During a night of revelry in the city, Garrett is hired by his contact Basso to steal from the manor of Baron Northcrest, the tyrannous ruler of the city; Garrett is partnered with Erin to assist him. Erin is naïve and reckless, and needlessly kills a guard using her grappling Claw, leading Garrett to rebuke her. Atop the manor's roof, the pair witness Northcrest inside leading a group of men into conducting a magical ritual. A wary Garrett calls off the job, but Erin objects; in the ensuing struggle, Erin falls through a skylight and absorbs the energy being channelled through the ritual. Garrett inadvertently falls into the hall and is knocked out.

Garrett awakens from a coma one year later to find that the city is being plagued by a disease of unknown origin called "the Gloom", and that various districts of the city are in lockdown. Returning to his hideout, Garret receives a message from Basso, who hires Garrett to steal a ring from a noble's corpse at a foundry used to dispose of victims of the Gloom. Garrett evades Northcrest's right-hand man, the Thief-Taker General, and retrieves the ring. There, he meets a man called Orion, the leader of a resistance movement working to bring down Northcrest. Agreeing to help Orion, Garrett ventures to a hidden brothel to find a unique book, visiting Erin's hideout in the process and experiencing a vision of her mentioning a place called Moira Asylum. Basso is arrested by the Thief-Taker General, prompting Garrett to rescue him. Garrett breaks into Northcrest's vault and recovers a piece of a mysterious stone called the Primal, which had been used in the ritual at Northcrest's manor; another vision reveals to Garrett that Erin is alive and under the influence of the power from the stone.

Exploring Moira Asylum, Garrett uncovers a second piece of the stone, but is unable to find Erin there. Garrett returns to Northcrest's manor to confront him, while Orion sparks a revolution on the city's streets. Northcrest reveals to Garrett that his ritual intended to harness the power of the stone to use as a new energy source; the disruption of the ritual and fragmentation of the stone resulted in the Gloom being unleashed into the city. Orion transpires to be Northcrest's illegitimate brother, Aldous, who seeks the Primal for his own purposes. Seeking information on the stone, Garrett visits an informant, the Queen of Beggars, who tells him that the Primal must be reassembled and its power contained to save the city from the Gloom.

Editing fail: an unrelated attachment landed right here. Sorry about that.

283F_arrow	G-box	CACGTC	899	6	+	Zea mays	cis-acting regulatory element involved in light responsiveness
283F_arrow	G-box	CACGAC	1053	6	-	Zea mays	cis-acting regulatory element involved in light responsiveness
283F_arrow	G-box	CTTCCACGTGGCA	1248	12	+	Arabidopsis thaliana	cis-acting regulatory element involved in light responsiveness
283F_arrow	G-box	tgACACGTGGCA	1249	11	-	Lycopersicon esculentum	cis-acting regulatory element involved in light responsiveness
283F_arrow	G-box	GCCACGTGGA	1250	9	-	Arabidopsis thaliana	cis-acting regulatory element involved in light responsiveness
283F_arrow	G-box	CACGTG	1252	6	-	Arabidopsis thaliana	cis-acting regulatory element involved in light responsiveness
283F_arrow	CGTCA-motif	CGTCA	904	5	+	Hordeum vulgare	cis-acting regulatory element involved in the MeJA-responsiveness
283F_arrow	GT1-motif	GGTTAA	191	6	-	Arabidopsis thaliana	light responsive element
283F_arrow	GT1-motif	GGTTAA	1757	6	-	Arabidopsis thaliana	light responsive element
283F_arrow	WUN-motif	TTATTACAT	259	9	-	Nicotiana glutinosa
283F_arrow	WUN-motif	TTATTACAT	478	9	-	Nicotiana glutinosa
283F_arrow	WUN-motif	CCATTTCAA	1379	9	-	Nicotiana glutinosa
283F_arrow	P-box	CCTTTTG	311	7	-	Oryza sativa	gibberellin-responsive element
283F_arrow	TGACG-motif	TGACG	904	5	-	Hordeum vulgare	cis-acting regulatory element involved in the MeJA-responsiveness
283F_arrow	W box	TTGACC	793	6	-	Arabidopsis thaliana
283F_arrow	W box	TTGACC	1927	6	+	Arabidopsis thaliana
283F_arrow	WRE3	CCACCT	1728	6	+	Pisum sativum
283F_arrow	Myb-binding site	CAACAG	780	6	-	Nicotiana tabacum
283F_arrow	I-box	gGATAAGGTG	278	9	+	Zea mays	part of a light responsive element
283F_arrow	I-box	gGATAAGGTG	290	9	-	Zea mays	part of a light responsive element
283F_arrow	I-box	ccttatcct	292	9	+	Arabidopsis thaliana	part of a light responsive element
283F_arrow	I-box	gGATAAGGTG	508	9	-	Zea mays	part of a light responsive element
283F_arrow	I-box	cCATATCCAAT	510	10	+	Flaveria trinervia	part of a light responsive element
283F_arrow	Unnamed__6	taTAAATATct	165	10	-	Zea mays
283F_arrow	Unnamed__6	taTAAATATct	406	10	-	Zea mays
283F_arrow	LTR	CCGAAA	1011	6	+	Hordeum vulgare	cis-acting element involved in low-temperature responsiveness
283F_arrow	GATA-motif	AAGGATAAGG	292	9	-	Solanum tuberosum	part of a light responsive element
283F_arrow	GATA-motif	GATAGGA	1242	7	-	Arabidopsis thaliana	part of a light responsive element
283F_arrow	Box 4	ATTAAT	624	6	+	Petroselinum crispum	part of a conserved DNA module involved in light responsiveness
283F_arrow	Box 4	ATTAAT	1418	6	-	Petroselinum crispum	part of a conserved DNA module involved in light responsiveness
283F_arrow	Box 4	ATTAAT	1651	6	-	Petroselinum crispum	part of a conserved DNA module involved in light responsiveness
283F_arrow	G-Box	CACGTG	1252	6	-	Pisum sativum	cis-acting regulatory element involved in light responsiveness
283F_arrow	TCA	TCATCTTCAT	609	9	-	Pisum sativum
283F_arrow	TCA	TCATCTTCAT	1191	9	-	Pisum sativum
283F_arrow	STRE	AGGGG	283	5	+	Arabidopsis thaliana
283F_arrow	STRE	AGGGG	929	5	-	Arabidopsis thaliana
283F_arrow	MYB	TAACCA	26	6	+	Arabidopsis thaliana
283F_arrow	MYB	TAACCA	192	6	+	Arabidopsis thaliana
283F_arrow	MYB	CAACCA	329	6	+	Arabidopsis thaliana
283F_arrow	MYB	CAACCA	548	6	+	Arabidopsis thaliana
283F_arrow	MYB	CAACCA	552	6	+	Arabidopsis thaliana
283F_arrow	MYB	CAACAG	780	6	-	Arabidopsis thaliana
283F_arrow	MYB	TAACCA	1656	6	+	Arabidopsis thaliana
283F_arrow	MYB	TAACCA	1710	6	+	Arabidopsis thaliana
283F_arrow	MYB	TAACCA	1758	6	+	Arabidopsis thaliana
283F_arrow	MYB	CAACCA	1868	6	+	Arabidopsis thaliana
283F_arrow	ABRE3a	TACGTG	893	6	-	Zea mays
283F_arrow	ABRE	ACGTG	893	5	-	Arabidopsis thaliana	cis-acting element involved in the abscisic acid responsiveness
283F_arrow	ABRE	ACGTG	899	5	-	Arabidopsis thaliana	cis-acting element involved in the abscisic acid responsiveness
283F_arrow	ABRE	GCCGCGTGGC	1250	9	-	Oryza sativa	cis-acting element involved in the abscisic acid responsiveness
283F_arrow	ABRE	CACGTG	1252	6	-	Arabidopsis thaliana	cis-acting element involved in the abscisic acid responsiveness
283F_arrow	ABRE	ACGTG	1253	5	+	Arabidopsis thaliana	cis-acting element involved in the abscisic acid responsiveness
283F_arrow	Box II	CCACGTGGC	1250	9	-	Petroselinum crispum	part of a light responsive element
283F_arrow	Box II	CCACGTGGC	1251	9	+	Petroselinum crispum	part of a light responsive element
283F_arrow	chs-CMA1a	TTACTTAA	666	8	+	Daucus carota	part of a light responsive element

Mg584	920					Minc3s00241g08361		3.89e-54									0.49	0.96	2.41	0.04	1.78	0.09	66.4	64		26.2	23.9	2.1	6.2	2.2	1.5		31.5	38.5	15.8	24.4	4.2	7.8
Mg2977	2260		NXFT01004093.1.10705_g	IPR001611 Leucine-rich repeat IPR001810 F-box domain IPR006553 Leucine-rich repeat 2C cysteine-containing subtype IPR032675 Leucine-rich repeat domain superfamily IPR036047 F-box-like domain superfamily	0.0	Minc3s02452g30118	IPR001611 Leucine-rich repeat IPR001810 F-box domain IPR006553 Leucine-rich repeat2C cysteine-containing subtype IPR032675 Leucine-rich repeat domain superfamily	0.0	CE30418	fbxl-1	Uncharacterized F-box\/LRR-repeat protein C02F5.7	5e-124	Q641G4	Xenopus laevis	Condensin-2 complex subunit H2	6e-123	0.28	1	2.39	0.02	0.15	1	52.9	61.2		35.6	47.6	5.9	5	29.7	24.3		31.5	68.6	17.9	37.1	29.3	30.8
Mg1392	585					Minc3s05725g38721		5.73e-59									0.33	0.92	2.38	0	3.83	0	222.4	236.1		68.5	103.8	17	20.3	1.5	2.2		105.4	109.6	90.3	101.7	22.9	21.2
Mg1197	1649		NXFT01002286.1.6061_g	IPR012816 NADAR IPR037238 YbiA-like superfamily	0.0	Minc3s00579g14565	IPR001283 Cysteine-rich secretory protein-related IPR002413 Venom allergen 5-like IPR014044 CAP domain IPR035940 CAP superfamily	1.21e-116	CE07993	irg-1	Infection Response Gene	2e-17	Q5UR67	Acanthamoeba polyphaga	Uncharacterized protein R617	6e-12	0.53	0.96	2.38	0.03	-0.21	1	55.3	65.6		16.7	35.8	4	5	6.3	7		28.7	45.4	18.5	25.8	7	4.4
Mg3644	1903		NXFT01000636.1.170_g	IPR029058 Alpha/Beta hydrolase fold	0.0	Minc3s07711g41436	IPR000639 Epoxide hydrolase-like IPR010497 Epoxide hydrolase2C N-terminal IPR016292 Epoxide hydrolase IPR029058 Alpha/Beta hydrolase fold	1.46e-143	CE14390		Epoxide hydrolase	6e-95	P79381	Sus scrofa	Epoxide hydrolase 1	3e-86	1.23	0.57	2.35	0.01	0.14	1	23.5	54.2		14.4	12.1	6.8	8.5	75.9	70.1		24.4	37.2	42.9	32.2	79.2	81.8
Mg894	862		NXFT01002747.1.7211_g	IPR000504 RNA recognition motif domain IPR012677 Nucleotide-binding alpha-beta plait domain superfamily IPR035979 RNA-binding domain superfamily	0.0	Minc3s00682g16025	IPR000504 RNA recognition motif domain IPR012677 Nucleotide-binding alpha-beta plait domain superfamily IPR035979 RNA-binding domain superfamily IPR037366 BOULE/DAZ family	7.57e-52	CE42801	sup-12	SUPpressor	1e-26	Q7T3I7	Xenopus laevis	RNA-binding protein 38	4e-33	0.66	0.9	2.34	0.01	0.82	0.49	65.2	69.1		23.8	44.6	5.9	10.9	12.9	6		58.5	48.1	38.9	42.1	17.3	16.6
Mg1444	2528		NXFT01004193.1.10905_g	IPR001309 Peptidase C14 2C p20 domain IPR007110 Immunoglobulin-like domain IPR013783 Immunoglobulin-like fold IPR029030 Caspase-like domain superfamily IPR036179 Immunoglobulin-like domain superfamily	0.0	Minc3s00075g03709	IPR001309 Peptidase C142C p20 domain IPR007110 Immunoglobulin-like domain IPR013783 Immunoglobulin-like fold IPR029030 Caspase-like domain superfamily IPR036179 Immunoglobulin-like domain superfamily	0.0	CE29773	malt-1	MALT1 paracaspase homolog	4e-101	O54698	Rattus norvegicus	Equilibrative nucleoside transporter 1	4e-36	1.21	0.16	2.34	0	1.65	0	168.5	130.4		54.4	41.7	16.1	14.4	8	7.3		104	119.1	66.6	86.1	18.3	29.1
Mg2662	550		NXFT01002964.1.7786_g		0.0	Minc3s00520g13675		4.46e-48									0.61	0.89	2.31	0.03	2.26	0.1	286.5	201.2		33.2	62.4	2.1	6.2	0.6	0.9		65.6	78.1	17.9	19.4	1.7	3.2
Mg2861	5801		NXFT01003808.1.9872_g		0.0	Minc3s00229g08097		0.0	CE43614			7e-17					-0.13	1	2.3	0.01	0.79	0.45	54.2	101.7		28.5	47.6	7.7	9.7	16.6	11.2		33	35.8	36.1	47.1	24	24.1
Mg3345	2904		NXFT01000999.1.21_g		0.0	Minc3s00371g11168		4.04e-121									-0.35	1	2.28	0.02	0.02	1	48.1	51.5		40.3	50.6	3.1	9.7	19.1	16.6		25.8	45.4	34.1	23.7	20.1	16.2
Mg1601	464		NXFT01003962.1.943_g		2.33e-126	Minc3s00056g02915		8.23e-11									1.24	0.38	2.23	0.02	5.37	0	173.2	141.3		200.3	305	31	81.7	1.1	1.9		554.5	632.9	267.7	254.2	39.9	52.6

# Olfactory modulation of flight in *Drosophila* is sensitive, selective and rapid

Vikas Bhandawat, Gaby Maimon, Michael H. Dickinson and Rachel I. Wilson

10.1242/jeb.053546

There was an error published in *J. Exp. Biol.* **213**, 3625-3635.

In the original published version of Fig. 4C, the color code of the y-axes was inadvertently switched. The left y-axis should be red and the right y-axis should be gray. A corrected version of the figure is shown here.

Garrett enters an old cathedral and finds Aldous using Erin in an attempt to heal citizens, assisted by the items stolen by Garrett. The Thief-Taker General arrives as Aldous flees with Erin; Garrett kills the General and pursues Aldous to his hideout aboard a ship. Erin unleashes the power of the Primal, killing Aldous, before attacking Garrett. He manages to reassemble the stone, returning Erin to normal, but the force knocks her over the edge of the ship. Garrett throws down her Claw to save her and falls unconscious. He awakens to find the Claw embedded in a post next to wet footprints, implying Erin survived, as dawn arrives.


Thief was initially announced in 2009 under the working title Thief 4 (stylized as Thi4f), after rumours of its development. Developed at Eidos-Montréal, the game was handled by a team other than the one that made Deus Ex: Human Revolution.[19] The development team was initially kept small, and the game remained in concept phase for a long time. During this, numerous experimental design changes were proposed, such as having a third-person perspective, having a new protagonist, or environmental clambering similar to the Assassin's Creed series of games.[12][20] The general manager of the studio, Stephane D'Astous, was quoted as stating Thief 4 was currently in early development: "We're in the early development stages for Thief 4, but this is an incredibly ambitious project and a very exciting one. It's too early for us to offer any specific game details. Right now, we are focused on recruiting the very best talent to join the core team at the studio and help us make what we believe will be one of the most exciting games on the market."[21] After some gossip that several major members of Eidos Montréal left their jobs, D'Astous countered these claims by saying, "We will be able to be a little more communicative later on, hopefully before the year's end. Right now, Thief is our priority and we're putting everything behind it to make sure it's as successful as our first game".[22][23] In January 2013, NeoGAF found LinkedIn files that indicated network programmers were working on the project. Eidos-Montréal was expanded in 2010 with a separate team for multiplayer development, and when MP producer Joe Khoury was asked if they would also work on their next project, Thief 4, he did not deny or confirm.[24] Steam users that pre-ordered the game received Team Fortress 2 items for the sniper class (cosmetics based on what Garrett wears and a modified version of the huntsman weapon styled after the bow used in-game) and/or Dota 2 items based on the game.